Ruth Yarrow: American Haiku Master

By Mike Dillon

Ruth Yarrow in her Rainier Valley garden (photo by Mike Dillon).
“Don’t explain,” sang Billie Holiday. A good haiku won’t. They lie on the printed page like carved runes found on the tundra: plainspoken, vivid and yet somehow numinous. As death approached, the Japanese haiku master Basho—after a lifetime of practice—said he’d only managed to write a handful of genuine haiku. When a haiku happens, it’s as if an archer hits the bull’s-eye. Try this one by Ruth Yarrow, an esteemed, English language haiku poet who lives in the Rainier Valley:

        the baby’s pee
        pulls roadside dust
        into rolling beads
                —from “The Haiku Anthology”

Hailing from upstate New York Yarrow, 71, has a master’s degree in ecology from Cornell University. She and her husband, Mike, spent their careers teaching at the university level before moving to Seattle a dozen years ago. Education runs in her blood: Yarrow’s father was a professor of German and French. The Yarrows love to backpack in the Olympics and Cascades; Yarrow’s watercolor paintings hung on their living room walls, testify to the alpine scenes they’ve frequented. Yarrow’s love of nature has childhood roots. “Taste this,” her mother said on hikes, holding out an offering from the natural world. “What bird is that singing?” her uncle would ask her. These days, when the Yarrows head into the mountains, the poet takes a short pencil and 3-by-5-inch cards in a sandwich bag stuffed in her pocket, ready for whatever haiku might unfold. But haiku is not just about nature anymore, as the above haiku shows. “There’s a danger writing a lot of sweet haiku, to not think one can’t encompass the whole human experience,” Yarrow said. “I appreciate it when people stretch the form—the real stuff.”
Today, the form is being stretched in English like never before. Learned essays and books are being written about the minimalist poetic form, which came into its own in 17th-century Japan equipped with strict rules. English-language haiku practice has moved beyond the three-line, 5-7-5 syllable form. Today’s English-language haiku are usually shorter and more flexible. Yarrow discovered haiku in the early 1970s, when she was teaching at Stockton College in New Jersey. On the curriculum: how other cultures look at nature. Yarrow brought in someone who knew Japan. “It sharpened my awareness,” she remembered of her introduction to haiku. “It makes you write so that the reader is stepping into your shoes.”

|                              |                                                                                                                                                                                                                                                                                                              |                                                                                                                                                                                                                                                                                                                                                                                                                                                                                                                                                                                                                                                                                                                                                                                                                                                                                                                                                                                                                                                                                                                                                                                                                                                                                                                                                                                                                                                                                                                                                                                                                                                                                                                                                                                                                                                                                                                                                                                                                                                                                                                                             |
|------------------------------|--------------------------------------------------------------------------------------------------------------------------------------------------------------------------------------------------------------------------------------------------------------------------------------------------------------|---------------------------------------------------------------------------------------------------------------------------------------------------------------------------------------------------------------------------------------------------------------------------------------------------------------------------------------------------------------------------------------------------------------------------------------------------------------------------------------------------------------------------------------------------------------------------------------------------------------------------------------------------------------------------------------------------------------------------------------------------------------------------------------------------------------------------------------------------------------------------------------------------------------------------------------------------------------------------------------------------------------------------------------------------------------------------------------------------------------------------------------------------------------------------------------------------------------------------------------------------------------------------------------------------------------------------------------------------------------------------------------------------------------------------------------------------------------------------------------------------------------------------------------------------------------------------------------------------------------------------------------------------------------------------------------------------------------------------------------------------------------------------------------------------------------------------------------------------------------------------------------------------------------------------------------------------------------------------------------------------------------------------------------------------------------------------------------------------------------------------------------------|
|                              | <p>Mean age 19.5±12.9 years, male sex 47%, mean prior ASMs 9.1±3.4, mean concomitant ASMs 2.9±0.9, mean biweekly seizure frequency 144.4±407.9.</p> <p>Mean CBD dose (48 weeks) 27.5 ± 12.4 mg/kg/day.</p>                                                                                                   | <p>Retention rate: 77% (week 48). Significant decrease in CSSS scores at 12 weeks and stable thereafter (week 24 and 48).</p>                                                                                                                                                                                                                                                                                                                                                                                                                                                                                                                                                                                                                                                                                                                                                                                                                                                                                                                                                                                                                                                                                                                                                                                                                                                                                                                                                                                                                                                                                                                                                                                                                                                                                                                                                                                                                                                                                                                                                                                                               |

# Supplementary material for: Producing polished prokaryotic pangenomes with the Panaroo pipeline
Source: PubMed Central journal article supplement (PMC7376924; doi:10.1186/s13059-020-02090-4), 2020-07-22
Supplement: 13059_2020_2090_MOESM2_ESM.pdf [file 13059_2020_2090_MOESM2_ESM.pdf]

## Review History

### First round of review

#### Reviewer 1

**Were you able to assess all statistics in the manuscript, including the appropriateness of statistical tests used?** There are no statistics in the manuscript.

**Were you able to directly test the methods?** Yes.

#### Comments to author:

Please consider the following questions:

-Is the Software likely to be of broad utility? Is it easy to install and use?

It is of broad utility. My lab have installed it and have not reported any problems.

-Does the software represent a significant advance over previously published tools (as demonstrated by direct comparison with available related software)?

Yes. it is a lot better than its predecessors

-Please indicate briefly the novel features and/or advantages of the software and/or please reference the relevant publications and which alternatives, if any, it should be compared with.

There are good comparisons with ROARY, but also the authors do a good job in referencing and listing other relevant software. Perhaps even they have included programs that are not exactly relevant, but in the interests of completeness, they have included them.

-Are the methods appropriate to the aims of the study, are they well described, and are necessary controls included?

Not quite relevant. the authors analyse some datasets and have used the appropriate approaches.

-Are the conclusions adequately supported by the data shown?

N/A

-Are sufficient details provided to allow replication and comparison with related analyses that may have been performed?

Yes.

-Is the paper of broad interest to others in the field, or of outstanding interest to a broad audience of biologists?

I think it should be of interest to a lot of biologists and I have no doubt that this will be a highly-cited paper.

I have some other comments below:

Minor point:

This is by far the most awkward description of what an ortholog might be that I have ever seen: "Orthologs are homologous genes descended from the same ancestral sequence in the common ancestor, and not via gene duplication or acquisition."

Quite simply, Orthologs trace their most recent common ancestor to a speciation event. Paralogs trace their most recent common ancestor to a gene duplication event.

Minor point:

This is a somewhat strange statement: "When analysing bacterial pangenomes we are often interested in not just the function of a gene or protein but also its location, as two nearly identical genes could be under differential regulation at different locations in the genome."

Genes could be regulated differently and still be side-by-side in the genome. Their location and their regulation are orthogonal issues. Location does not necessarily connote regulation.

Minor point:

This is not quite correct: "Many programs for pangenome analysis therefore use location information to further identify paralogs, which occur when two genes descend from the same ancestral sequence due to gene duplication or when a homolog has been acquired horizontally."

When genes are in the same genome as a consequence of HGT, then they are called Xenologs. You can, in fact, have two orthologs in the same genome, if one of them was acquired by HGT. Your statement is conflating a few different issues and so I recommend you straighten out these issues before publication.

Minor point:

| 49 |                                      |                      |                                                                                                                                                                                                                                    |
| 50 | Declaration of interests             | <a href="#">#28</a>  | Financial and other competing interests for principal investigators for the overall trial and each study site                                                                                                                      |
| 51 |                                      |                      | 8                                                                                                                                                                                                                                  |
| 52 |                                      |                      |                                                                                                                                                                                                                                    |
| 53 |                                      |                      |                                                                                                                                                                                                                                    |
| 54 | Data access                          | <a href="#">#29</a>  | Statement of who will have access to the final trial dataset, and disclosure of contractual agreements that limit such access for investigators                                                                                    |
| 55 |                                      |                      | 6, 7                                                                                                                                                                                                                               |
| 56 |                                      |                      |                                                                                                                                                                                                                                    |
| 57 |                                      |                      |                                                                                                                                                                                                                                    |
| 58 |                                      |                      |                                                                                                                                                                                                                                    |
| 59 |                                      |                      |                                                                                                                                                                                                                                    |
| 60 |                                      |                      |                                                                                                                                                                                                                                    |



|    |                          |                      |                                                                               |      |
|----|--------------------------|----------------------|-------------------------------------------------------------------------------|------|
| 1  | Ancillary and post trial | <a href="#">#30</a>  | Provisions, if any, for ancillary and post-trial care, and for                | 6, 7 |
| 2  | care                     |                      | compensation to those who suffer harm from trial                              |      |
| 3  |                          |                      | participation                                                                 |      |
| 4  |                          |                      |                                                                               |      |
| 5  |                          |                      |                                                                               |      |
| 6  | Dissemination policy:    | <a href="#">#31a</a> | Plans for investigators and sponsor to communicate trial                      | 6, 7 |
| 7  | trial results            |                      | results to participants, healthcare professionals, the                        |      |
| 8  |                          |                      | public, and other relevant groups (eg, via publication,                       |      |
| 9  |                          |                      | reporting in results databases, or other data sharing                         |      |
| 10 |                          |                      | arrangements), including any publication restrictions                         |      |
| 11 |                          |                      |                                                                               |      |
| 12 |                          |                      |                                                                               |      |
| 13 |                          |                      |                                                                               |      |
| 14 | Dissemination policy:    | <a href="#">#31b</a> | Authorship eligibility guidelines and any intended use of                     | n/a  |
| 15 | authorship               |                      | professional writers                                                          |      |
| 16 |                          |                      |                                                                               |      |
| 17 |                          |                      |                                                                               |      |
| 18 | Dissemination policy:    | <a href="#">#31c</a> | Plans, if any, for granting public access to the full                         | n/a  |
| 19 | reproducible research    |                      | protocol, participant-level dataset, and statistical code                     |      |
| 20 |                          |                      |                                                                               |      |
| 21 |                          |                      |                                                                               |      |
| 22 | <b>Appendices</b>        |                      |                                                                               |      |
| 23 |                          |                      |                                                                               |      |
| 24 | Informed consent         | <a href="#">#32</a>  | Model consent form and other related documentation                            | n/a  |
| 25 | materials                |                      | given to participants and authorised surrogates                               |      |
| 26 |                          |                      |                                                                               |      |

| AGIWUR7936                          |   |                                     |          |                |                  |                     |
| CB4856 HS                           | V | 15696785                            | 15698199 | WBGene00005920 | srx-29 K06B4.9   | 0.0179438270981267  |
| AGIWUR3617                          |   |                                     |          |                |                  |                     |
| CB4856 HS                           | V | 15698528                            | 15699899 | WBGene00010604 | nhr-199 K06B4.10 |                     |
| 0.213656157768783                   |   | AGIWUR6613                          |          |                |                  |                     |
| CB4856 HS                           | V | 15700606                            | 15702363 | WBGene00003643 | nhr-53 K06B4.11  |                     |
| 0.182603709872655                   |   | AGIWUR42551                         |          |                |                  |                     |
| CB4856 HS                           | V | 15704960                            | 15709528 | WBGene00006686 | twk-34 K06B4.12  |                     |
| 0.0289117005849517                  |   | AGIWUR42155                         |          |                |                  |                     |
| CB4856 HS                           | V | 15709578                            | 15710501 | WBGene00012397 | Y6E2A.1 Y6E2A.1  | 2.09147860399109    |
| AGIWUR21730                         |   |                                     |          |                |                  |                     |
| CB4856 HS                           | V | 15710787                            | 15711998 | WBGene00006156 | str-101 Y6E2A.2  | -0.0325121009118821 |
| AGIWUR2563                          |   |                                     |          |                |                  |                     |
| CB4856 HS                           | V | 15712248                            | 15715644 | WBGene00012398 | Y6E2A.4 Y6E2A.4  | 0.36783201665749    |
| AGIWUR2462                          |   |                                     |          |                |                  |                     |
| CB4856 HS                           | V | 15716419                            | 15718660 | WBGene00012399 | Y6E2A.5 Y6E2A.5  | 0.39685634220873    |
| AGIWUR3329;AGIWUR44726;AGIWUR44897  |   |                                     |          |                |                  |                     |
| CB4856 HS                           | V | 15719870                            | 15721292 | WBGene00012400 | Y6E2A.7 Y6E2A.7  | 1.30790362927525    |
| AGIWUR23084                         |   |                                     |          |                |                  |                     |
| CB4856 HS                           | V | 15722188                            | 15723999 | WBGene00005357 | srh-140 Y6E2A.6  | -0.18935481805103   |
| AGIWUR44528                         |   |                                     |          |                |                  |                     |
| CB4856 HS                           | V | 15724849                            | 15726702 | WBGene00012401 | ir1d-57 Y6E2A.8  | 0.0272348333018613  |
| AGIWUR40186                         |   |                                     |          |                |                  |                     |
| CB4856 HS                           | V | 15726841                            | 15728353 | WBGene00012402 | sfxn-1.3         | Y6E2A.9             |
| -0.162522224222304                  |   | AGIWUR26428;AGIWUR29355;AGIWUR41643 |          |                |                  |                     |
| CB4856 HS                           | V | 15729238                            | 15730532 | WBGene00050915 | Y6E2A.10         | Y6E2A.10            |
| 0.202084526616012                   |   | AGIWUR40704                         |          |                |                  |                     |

Yarrow is a Quaker and peace activist. She and her husband have worked with Physicians for Social Responsibility and Fellowship of Reconciliation. “I push people to bring in the bigger world and not be afraid to bring in politics,” she says of haiku composition. “We’re too comfortable. Though one of her most famous haiku resonates with yearning and comfort, it could only have been written by one who doesn’t take life for granted.

        warm rain before dawn:
        my milk flows into her
                —from “The Haiku Anthology”

As for her peace and justice work, does she get discouraged? “Yes, but the best antidote to discouragement is taking what action you can. I cling to what Martin Luther King Jr. said about the arc of history bending toward justice.” Yarrow is a member of Haiku Northwest, a group that meets once a month, gives honest feedback and is always open to new members. Of the haiku practice, Yarrow said, “The form is very short, but it can encompass the whole of life if we’re aware and work at it.”

        touching the fossil—
        low rumblings
        of thunder

Published in the October 27, 2010 issue of City Living Seattle (, pages 12, 14 (see This article also appeared in Queen Anne & Magnolia News, Capitol Hill Times, North Seattle Herald-Beacon, and South Seattle Beacon. Reprinted here by permission of Mike Dillon.